Labor’s climate plan aims to please the bosses

Labor’s new climate policy is nowhere near what’s needed to stop dangerous climate change. Although it promises tens of thousands of jobs, it does nothing to guarantee they will be well paid, or where they are needed. And with Labor still backing the Liberals’ plan to massively expand gas and fossil fuel extraction, it locks in climate catastrophe.

Labor’s new target is lower than what it took to the last election, and lower than even what the Business Council of Australia (BCA) wants. It has opted for a 43 per cent reduction target by 2030, when the BCA backs 50 per cent. This puts in stark relief how weak it is.

Climate change is already causing havoc worldwide. Only rapid and dramatic changes can avoid dangerous levels of heating. Once the world passes tipping points like ice shelf collapse, runaway warming will be unstoppable. But Labor’s target would not even put us on track for net zero emissions by 2050, the stated aim of the global agreements on climate.

Rich nations like Australia need to get to zero far more quickly if the world has any hope of meeting this target. The Climate Council says Australia needs to cut emissions by 75 per cent by 2030. Labor is not even going to get close to that.

Instead of aiming for what’s needed to save the planet, Labor leader Anthony Albanese was falling over himself to say his policy was “what business wants”. And business agreed, with the BCA calling the policy “sensible and workable” and the Chamber of Commerce and Industry lauding it as “encouraging to see” and “a sensible approach”.

But it is Australian companies’ desire to keep profiting out of fossil fuels for as long as possible that has put us on track for climate disaster.

Climate jobs

Labor’s plan does show the potential for jobs from a serious climate transition. It estimates there would be 130,000 new jobs in constructing transmission infrastructure and solar and wind farms, and all up an additional 604,000 jobs by 2030. Power prices would actually drop by 26 per cent.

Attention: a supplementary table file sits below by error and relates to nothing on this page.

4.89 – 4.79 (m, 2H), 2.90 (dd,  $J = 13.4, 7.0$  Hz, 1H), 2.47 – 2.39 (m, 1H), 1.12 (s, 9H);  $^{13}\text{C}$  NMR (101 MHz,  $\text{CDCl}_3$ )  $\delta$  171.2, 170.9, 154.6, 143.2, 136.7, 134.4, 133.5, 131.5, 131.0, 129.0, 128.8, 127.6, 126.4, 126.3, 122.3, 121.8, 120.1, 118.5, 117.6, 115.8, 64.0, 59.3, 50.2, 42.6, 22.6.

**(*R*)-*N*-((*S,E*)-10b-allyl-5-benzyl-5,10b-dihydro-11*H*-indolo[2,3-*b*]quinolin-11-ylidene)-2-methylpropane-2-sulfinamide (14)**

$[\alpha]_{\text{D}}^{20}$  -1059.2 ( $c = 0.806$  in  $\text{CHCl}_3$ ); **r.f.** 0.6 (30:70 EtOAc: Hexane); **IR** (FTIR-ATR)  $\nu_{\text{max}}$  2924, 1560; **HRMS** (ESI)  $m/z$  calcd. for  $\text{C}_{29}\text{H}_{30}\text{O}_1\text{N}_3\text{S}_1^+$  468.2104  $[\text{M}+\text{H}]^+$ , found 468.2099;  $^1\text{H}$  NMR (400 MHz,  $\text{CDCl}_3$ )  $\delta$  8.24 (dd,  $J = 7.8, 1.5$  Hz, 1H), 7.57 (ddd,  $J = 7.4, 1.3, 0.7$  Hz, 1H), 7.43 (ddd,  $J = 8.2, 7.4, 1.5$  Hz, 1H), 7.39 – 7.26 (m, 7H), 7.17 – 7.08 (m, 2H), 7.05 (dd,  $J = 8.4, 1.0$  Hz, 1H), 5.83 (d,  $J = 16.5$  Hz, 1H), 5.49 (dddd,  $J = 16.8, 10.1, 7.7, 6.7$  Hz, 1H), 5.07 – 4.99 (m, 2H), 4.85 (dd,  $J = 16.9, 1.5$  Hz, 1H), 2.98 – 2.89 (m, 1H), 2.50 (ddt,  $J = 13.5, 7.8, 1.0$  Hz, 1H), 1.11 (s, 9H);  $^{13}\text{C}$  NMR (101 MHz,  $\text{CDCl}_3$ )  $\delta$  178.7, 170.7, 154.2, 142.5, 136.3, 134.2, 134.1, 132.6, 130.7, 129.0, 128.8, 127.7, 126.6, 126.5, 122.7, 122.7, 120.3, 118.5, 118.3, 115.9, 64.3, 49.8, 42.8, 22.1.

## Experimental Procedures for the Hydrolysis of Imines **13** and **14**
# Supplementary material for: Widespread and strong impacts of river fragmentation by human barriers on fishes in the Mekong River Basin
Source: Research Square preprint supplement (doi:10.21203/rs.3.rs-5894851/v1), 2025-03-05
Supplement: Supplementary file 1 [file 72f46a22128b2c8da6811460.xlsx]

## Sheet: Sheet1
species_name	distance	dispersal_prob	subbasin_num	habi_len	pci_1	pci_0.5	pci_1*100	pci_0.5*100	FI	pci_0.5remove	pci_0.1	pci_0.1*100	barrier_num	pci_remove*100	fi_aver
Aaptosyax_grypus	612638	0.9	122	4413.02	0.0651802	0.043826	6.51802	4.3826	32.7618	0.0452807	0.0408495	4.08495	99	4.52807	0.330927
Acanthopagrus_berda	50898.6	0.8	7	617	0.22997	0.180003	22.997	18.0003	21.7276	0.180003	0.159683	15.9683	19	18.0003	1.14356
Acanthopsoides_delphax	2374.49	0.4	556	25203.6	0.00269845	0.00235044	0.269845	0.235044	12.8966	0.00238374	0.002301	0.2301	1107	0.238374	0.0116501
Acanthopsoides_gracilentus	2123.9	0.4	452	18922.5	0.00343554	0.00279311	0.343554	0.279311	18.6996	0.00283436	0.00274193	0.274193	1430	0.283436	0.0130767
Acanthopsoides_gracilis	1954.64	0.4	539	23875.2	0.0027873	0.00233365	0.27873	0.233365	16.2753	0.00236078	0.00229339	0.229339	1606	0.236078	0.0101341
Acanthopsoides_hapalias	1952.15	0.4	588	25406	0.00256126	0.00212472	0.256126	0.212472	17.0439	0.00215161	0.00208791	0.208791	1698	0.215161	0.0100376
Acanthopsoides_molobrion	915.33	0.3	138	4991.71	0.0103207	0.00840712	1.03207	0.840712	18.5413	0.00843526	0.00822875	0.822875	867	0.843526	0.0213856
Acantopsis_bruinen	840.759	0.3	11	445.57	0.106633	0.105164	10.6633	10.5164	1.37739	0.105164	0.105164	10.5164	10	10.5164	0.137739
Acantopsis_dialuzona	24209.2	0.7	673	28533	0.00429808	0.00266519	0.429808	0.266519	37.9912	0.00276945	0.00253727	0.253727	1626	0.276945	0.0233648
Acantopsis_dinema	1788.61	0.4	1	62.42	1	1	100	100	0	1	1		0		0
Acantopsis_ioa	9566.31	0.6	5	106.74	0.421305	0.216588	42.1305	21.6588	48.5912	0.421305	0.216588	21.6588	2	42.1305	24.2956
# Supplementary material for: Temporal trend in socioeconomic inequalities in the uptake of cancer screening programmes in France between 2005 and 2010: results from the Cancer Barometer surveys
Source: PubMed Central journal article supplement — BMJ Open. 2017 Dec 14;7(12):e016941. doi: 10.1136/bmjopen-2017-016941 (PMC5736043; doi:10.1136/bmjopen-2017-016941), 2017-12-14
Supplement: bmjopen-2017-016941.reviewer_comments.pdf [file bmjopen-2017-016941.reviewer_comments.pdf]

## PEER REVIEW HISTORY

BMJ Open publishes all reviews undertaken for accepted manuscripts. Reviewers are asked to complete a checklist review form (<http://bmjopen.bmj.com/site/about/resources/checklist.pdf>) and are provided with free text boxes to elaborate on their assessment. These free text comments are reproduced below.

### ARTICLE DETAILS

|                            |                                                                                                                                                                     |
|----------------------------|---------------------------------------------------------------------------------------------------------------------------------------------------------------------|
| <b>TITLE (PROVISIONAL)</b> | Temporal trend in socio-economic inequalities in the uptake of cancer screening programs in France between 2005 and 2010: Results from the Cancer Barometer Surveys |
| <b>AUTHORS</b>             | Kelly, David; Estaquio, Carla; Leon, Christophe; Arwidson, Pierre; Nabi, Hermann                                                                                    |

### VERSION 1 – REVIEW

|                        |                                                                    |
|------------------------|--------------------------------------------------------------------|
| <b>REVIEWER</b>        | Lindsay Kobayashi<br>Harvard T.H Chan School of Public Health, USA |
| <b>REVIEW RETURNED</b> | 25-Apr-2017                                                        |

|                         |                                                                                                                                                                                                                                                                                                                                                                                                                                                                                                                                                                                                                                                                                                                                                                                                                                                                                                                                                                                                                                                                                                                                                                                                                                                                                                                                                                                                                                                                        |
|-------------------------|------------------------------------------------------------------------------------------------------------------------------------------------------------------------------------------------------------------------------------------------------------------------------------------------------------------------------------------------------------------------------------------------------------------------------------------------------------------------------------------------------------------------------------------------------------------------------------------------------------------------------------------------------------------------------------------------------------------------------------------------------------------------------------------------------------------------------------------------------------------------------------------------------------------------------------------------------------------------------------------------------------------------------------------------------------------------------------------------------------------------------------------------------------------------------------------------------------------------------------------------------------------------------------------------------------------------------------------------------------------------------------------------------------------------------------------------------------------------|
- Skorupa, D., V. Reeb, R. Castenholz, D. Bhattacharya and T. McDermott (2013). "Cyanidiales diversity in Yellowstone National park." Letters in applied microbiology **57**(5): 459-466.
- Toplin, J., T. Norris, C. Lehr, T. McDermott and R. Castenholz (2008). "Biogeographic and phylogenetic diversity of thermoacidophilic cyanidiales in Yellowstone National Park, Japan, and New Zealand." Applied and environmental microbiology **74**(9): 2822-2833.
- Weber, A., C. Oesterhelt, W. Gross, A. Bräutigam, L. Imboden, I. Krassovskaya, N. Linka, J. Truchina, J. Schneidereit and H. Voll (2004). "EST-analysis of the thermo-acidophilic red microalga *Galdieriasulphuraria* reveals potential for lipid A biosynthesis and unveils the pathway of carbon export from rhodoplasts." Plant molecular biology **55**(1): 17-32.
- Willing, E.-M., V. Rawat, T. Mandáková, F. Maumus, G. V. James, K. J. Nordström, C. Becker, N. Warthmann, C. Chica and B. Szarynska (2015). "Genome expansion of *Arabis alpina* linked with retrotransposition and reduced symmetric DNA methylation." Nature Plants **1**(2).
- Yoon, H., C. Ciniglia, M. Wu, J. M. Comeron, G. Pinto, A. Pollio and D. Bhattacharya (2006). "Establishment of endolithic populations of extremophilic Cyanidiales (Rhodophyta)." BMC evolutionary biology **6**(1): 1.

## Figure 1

Predictably, Scott Morrison tried to spread fear that Labor’s policy would mean “forcing people out of jobs”. This echoes the successful campaign the Liberals and Nationals ran at the last election in coal mining areas like central Queensland and NSW’s Hunter region.

The problem is, Labor’s plan does not do enough to guarantee high wage jobs with good conditions. It is leaving it to big companies to build all the new renewable energy generation and deliver most of its changes.

This risks a race to the bottom on wages and conditions in the power sector. Many of the existing solar farms across Australia have an appalling record on wages and safety standards.

The jobs in Labor’s plan look good on paper. But this is not enough to convince workers in coal and gas industries, who have seen how workers get left behind when big companies close down. Winning them over requires a much clearer guarantee from government that they will have good jobs in the new industries.

Guaranteeing good jobs, in the places where they are needed to replace jobs in coal and gas, requires new public sector jobs. It was government that built the existing coal power stations, and government could easily invest to build renewable energy to replace them.

Poles and wires

The only significant public investment Labor is planning is in electricity poles and wires, through upgrades to the electricity grid. These will be necessary to handle the shift to renewable sources of power. And even here Labor wants partial privatisation where business would pay for part of the cost.

They also propose a National Reconstruction Fund, but it would spend only $3 billion over eight years, or less than $400 million a year.

Labor’s key measures are around power generation, electric cars and industry emissions. There will be a small increase in renewable energy, which is set to get to 68 per cent of our power needs by 2030 anyway, with Labor boosting this to 82 per cent.

Polluting industries will have to reduce their emissions, through an extension of the Liberals’ existing Safeguards Mechanism. This, too, has been welcomed by the BCA. That’s no surprise, because Labor would allow companies to buy offsets instead of actually reducing their emissions.

There are also measures to boost uptake of electric vehicles, with the hope that they will make up 15 per cent of all cars on the road by 2030.

But even while Labor is proposing measures to reduce emissions, it is backing the Liberals’ plans to expand gas drilling and export. On 29 November, it voted through another $50 million to speed up gas mining in the Beetaloo Basin in the NT. There are estimates this one basin alone could push Australia’s emissions up by 20 per cent a year.

Just one project recently finalised in WA, Woodside’s Scarborough LNG project, would add another 2 per cent to the country’s annual emissions alone. These figures don’t include the emissions when the gas is finally burnt for use overseas. And there are also plans for more gas fracking in NSW’s Narrabri, WA’s Kimberley region, Queensland’s Bowen and Galilee Basins and others.

Labor’s resources spokesperson, Madeleine King, has also backed continued coal exports even beyond 2050, despite the party’s net zero emissions pledge.

Kicking out Scott Morrison will be a step forward for climate action. But it’s also clear Labor is not willing to take the action that’s needed.

The climate movement needs to stay on the streets in the lead up to the election to help drive the Liberals out. But electing Labor won’t be the end of the fight.

By James Supple

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